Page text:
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We've all heard the stories about the origins of what is now observed throughout the country as Labor Day, or the unofficial end of summer. We’ve also heard the saying: Every day is Labor Day in the Maternity Ward.
But if we go looking for the facts, we’ll find that Labor Day was started by labor unions and was observed with long parades, loud rallies and endless speeches. But, what most people outside Maine don't know is that a local version of Labor Day was first observed in Maine.
That's right, Labor Day was originally celebrated by Mainers who “labor” throughout the summer to provide all kinds of services to the millions of tourists who come to Maine each summer to be tended to and fussed over.
A little more than a century ago a Mainer – who's name, unfortunately, is now lost to history – came up with the clever idea of a having a deadline day in early September when all summer activity of any kind had to come to a screeching halt.
According to the story, this unknown Mainer formed a small not-too secret group of like-minded people and that courageous group, despite much hardship and adversity, managed to come up with the idea of not-too-subtly reminding “summer complaints” that it was time to end the good times and leave; time to pack up and head out; time to stop whatever you’re doing of a relaxing or “vacation-ee” nature and start doing something in the pack-up-and-leave mode.
This group was made up of hearty, hard-working Mainers. These were the people who began in early May to get things all ready for the well-to-do, fair-weather visitors.
These were the people who painted the fancy yachts and mowed the acres of lawns and cleaned the countless “cottages” owned and occupied throughout the summer by those papered visitors from Pennsylvania, New York and Massachusetts, who called Maine “home” for the season.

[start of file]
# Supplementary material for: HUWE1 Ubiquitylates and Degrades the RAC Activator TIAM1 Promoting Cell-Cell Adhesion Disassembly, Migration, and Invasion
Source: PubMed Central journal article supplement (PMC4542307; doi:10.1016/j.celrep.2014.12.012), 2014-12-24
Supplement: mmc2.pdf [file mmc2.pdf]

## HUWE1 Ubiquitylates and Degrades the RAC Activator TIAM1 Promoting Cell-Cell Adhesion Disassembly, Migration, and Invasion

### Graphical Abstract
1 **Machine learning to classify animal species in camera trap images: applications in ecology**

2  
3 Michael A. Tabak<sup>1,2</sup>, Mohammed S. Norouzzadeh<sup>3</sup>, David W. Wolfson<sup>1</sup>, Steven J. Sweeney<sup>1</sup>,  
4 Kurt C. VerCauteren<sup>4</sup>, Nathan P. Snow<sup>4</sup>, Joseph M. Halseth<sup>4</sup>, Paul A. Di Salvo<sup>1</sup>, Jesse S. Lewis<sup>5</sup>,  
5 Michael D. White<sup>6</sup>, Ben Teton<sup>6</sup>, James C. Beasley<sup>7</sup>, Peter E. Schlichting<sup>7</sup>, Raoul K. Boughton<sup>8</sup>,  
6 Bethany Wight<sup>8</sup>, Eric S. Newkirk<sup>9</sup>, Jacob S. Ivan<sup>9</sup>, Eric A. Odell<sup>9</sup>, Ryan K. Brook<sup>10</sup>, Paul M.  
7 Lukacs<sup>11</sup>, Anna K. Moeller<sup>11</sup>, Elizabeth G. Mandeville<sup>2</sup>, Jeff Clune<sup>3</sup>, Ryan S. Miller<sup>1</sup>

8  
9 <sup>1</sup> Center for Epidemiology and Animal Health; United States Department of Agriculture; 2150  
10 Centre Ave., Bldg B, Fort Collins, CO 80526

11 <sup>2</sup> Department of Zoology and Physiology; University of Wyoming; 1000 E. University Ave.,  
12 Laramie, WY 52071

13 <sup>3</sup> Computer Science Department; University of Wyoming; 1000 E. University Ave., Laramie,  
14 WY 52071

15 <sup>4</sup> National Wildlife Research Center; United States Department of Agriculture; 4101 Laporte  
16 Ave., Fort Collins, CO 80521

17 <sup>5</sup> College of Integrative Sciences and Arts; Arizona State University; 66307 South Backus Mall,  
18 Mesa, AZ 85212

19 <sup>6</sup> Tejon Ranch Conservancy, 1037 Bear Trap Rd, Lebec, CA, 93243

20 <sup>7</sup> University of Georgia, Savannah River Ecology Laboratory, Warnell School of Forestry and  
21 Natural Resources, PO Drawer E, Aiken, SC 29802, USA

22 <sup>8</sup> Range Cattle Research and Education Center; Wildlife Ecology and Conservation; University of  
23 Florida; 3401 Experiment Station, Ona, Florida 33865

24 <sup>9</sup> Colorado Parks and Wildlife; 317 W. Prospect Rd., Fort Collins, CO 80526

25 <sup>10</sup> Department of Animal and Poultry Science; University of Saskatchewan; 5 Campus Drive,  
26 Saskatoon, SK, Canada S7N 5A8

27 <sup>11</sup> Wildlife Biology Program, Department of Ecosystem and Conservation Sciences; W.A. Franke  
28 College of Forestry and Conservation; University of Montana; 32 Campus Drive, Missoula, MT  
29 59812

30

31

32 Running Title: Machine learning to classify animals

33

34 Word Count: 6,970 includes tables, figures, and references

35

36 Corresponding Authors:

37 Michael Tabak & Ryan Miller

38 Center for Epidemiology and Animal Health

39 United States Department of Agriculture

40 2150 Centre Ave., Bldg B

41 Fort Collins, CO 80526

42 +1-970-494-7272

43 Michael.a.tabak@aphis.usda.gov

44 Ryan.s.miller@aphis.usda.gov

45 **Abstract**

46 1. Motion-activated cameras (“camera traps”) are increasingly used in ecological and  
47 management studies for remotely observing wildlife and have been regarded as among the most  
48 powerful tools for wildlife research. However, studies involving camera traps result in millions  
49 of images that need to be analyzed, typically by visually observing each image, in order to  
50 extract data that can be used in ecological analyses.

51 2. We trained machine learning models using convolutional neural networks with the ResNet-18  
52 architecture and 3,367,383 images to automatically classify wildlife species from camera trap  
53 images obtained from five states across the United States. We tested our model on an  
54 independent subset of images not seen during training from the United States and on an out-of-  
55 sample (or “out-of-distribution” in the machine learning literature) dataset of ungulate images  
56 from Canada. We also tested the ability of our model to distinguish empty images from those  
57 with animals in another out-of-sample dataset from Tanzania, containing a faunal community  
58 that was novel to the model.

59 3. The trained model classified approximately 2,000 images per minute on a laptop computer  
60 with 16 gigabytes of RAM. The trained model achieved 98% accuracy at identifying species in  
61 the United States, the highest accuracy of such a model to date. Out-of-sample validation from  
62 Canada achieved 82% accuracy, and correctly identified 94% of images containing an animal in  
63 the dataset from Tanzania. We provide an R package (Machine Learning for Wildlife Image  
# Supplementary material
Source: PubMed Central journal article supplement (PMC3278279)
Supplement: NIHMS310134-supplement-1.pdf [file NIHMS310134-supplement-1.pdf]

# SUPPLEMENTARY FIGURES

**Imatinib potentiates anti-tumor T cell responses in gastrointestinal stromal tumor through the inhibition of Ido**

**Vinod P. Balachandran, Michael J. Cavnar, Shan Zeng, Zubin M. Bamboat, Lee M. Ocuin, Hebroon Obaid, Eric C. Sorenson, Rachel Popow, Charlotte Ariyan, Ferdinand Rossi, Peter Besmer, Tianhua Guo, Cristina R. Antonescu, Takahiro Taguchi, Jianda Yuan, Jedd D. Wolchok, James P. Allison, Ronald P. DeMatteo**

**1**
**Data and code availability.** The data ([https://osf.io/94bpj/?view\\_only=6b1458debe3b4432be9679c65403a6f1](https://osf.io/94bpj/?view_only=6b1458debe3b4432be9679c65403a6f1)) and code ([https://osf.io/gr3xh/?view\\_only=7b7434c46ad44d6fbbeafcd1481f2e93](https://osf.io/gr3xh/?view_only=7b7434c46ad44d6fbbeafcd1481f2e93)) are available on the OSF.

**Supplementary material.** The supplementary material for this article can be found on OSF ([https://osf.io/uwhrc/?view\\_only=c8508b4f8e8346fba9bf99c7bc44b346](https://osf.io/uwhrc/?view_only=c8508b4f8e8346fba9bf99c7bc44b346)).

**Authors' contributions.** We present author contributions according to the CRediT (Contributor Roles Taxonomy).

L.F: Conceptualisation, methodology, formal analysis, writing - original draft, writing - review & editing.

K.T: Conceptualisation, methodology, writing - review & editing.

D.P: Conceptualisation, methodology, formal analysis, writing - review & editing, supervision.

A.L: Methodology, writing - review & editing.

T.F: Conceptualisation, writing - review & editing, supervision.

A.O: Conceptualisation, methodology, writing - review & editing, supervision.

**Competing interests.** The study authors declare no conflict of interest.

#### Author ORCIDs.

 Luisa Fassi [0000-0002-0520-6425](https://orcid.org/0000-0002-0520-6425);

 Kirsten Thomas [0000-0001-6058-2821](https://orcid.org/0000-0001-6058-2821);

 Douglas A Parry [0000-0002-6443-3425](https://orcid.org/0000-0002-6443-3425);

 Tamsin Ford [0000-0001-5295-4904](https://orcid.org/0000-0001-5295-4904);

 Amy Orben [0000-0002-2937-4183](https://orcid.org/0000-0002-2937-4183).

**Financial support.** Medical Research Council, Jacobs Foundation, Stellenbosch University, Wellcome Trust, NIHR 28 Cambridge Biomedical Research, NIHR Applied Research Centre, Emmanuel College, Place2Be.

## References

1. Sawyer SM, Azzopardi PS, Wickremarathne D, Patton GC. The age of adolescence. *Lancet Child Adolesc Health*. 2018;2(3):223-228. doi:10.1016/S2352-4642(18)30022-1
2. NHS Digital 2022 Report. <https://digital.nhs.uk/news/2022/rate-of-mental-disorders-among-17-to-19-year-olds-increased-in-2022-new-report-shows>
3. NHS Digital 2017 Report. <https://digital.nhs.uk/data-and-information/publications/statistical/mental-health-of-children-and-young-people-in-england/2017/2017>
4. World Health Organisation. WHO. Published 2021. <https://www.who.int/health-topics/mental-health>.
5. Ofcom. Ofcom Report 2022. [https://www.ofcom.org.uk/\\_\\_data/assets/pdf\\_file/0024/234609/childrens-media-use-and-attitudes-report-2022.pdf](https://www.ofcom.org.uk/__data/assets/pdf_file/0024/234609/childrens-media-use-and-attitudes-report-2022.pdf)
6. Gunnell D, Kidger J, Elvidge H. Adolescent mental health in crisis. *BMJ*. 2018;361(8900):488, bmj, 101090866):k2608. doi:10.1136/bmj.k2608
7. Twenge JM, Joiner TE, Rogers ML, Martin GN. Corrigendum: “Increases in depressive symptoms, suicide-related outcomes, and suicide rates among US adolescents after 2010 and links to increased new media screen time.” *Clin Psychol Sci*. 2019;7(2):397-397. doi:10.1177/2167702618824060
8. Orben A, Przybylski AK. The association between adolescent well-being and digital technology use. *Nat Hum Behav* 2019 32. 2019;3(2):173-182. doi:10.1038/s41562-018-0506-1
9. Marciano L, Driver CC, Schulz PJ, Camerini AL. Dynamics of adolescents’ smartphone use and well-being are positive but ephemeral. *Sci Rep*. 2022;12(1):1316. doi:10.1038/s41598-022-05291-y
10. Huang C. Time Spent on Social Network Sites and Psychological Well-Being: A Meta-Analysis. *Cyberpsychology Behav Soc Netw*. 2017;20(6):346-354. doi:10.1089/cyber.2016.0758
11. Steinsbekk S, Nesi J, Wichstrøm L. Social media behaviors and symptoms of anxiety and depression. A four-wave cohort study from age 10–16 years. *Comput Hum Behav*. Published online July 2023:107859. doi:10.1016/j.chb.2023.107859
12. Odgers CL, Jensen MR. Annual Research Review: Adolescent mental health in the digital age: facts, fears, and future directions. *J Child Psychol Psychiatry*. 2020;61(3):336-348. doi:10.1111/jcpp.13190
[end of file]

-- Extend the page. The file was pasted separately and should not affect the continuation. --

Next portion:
A century ago, around this time of year, those rusticators among us would have their servants start to pack up the necessities for the long train ride to New York, where many of them would then board luxury cruise ships to Europe where they would begin a fall season of fun and games.
The caretakers would be left behind unsupervised and a few days after the summer gang left they would have great parties on the manicured lawns they had labored over all summer.
They say that at the beginning of World War I, in the fall, all ships on the East Coast of the United States were suddenly ordered to the nearest port because of the threat posed by German U-boats.
A dowager, who had recently left her rustic 18-room cottage in Bar Harbor for the summer and was sailing to Europe on a luxury-liner, found her ship suddenly diverted to Bar Harbor for safety.
As her vessel glided slowly into the familiar harbor, the woman could see through her binoculars that all her summer help and their families and friends and neighbors were having a wild party on her front lawn. Laid out on tables – brought out of the main house for the occasion – were her priceless silver tea service, her silver soup tureens, all her fancy dishes, everything you'd need for a great, unsupervised party.
They say the relationship – such as it was – between Mainers and our wealthy summer visitors hasn't been the same since that day.
I'm telling you all this because I think it's something you might want to think about if you are one of the thousands of out-of-staters who hire a trusted townie to look after your place for you when you’re gone.
Anyway, to get back to Labor Day, the firm rule used to be: by Labor Day all summer residents’ boats, docks and floats had to be out of the water, all their cottage pipes drained and places closed, and they were all required to be on the turnpike headed south. NO EXCEPTIONS!
The idea worked slicker than a smelt for most of the last century but then it went unenforced for a few years. Since then summer people – like misquitos and black flies – have been staying longer and longer every year.
John McDonald is a humorist and storyteller who performs regularly throughout
New England. Contact John at or 899-1868.
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